Before submitting your manuscript, please make sure you follow the author guidelines provided below. Manuscripts not conforming to these guidelines may be returned to the author.

Articles must be written in English. Non-native English speaking authors are encouraged to have their manuscript proofread before submission.

Articles should be between 8000 and 10000 words, including footnotes. Book reviews should be between 2500 and 3500 words.

Please send the article to the editors by email.

1. The structure

Articles should begin with the main title followed by body text (like in this document). There should be at most two levels of subtitles, marked with numbers. Note that only the first letter of a title is capitalized.

1. Formalism and its detractors
1.1 A political formalism?

2. Source references, in-text or footnotes?

Source references with only the last name of the author, the year of publication and page numbers. Please give page numbers in full and without the preceding p/pp (‘123-124’, not ‘p 123-4’). Here are some examples:

Kristeva 2001, 143–154.
See Arendt 2004.
Yoo & Trachman 2005, 155.
Kelsen 1992, 82; Höffe 2006, 55–67.

If the references are shortish, like the examples above, please place them in parenthesis inside text.

If the reference contains more than three names or any discourse (other than ‘see’, etc.), please make it in a footnote. Usually the footnote number should be placed right after the full stop.

If necessary, the footnote number can also be placed right after the word it refers to, or after a comma, but please preferably after the full stop.1

1 For full bibliographical references use the Bibliography in the end.

3. Quoting, punctuation and general style

Generally, use ‘single quotes’, but ‘for a quotation within a quotation “double quotes” should be used’. All quotation marks should be smart: ‘’/ “”.

We prefer British punctuation rules with quotes. If you quote incomplete sentences, place full stop outside the quotation marks.

Petman considers that in Laskey, Jaggard & Brown the court had ‘turned on cultural and political assumptions about the role and worthiness of homosexuals as members of a good society’ (Petman 2008, 119).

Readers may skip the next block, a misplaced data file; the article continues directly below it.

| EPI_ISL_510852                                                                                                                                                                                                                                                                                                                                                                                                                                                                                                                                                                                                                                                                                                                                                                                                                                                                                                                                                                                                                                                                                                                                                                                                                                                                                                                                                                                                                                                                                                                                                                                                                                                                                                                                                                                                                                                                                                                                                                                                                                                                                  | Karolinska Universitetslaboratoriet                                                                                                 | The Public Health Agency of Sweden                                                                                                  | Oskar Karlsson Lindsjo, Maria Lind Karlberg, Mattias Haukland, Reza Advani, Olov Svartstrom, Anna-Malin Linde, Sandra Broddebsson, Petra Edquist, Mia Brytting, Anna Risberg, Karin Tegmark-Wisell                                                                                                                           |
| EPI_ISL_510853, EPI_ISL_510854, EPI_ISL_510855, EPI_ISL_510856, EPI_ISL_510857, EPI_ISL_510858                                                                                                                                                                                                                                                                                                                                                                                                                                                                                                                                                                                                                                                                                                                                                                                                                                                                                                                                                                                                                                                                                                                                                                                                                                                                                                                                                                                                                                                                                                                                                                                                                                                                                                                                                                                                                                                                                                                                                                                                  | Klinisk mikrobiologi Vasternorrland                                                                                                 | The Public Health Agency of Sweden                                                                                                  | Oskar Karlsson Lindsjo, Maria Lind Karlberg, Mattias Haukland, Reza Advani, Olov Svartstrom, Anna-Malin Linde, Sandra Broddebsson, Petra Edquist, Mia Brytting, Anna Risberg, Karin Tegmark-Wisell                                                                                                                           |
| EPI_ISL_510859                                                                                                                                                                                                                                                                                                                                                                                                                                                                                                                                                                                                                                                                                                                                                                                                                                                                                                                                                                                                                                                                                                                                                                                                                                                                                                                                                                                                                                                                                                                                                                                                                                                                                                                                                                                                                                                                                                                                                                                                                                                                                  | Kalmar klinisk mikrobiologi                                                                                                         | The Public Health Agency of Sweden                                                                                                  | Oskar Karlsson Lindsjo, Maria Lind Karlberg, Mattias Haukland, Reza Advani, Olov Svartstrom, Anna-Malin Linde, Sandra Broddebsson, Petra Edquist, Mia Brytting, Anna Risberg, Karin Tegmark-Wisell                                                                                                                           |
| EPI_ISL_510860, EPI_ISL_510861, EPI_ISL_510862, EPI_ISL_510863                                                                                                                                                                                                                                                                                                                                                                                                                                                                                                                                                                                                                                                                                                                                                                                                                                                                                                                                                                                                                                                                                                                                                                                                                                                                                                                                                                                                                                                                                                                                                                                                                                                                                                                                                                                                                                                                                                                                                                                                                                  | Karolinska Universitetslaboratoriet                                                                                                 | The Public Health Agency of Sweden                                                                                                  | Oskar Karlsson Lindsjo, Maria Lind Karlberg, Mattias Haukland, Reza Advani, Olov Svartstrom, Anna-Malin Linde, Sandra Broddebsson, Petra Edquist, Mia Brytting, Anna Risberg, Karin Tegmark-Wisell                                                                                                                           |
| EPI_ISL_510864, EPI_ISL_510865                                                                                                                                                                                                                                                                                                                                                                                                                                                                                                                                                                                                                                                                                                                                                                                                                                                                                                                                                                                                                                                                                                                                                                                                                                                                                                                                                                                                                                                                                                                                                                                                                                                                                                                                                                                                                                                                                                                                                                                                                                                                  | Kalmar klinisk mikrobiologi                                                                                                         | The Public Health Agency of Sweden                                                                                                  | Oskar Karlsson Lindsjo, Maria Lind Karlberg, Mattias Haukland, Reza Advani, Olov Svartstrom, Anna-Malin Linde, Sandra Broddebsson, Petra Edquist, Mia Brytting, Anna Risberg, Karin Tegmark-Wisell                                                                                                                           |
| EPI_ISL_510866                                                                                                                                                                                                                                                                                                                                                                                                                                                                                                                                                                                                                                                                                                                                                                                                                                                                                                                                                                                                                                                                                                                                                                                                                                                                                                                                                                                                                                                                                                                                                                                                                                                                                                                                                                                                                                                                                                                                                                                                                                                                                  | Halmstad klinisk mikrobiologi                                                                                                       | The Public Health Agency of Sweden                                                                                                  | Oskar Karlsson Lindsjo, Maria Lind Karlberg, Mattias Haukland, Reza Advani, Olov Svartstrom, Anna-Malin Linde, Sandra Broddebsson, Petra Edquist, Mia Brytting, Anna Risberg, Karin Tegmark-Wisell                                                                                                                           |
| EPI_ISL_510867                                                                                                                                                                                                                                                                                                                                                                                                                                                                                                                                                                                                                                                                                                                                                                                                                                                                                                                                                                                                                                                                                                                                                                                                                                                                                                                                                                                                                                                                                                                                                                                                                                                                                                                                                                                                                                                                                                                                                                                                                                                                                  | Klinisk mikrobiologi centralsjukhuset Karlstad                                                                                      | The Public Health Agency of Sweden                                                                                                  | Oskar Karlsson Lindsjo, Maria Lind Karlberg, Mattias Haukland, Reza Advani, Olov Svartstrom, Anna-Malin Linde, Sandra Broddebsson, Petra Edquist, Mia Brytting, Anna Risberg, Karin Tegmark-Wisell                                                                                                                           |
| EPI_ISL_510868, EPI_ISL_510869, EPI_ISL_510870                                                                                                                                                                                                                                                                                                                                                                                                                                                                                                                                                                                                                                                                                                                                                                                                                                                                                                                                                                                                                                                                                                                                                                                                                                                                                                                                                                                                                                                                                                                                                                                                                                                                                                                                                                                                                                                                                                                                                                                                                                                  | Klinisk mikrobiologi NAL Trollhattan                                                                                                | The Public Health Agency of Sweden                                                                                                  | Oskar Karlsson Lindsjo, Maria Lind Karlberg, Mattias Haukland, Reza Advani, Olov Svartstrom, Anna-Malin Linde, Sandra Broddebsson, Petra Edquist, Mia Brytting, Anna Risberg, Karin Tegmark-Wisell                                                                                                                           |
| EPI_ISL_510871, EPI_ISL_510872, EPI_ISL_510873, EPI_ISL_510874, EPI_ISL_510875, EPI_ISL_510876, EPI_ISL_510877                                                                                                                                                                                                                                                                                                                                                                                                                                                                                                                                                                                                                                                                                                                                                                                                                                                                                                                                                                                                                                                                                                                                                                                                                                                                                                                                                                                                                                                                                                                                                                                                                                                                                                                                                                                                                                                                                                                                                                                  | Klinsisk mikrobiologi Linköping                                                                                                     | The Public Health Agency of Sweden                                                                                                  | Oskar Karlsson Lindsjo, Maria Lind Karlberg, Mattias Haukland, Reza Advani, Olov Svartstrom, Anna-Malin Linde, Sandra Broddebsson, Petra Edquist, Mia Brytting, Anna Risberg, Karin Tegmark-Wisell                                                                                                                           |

When quoting complete sentences, place the full stop after the reference.

‘There is a more sophisticated international law literature in the international relations subfield of political science’ (Goldsmith & Posner 2005, 15).

Lengthy quotes should be double indented, with an extra space above and below, without quotation marks.

Both fragmentation and coherence are polysemic concepts. Therefore the research agenda rightly considers the possibility of facing both fragmentation and coherence or either of them in the European legal order. Indeed, there seems to be a difference of genre between fragmentation and coherence. (Besson 2008, 53.)

Omissions […] and insertions [likewise] in quotes are marked with square brackets. Otherwise all quotations should remain exactly as in the original.

Please italicize text in languages other than English, unless it is a term of art. Always use italics for emphasis, not bold or capital letters.

When citing classical sources, the preferred method is to cite by author, followed by title and the standard numeration (e.g. Aristotle, Nicomachean Ethics 1094a-1095b), line number (Sophocles, Antigone 904-20), or section number (Herodotus, The Histories 3.119).

Alternatively, cite the author followed by the year of the edition used, and the standard numeration and/or the page number for identification (Aristotle 2003, 1140a24-29, 337).

When cited often, you can use conventional abbreviations (Homer, Od VII 166-177).

For legal cases you may use any form of standard citation, but please be consistent.

4. Bibliography

Articles should contain a bibliography with complete information of each item that is referred to in the text. Please follow the examples below when constructing the bibliography. Please note that references to articles in journals or compilations should include their page numbers. Please list multiple works by an author in chronological order with the earliest dates first. To differentiate between articles by same author in the same year, add letters after the year (Smeds 1984a, Smeds 1984b).


Kant, Immanuel: Critique of Pure Reason. Translated and edited by Vasilis Politis. Everyman’s, London 1991 [1781].

(For titles in languages other than English, do not capitalize unless it is a proper name or the first word of the title):

Blanchot, Maurice: L’Entretien infini. Gallimard, Paris 1969.

Two writers:

Chayes, Abram & Antonia Handler Chayes: The New Sovereignty. Compliance with International Regulatory Agreements. Harvard University Press, Cambridge 1995.

Article in a journal:

Hurd, Ian: ‘Legitimacy and Authority in International Politics’. 53 (2) International Organization (1999) 379–408.

Chapter in a book:

Goldsmith, Jack III: ‘Memorandum for Alberto R. Gonzales, Counsel for the President’. In Karen Greenberg (ed): The Torture Papers. The Road to Abu Ghraib. Cambridge University Press, Cambridge 2004, 366–382.

Classical Sources:

Aristotle: Nicomachean Ethics. Translated by H. Rackham and edited by J. Henderson. Loeb Classical Library. Harvard University Press and William Heinemann, Cambridge (Mass.) and London 2003 [1926].


Birmingham, Peg: Holes of Oblivion. The Banality of Radical Evil. Hypatia 2003. Available on
<> (visited 10 September 2007)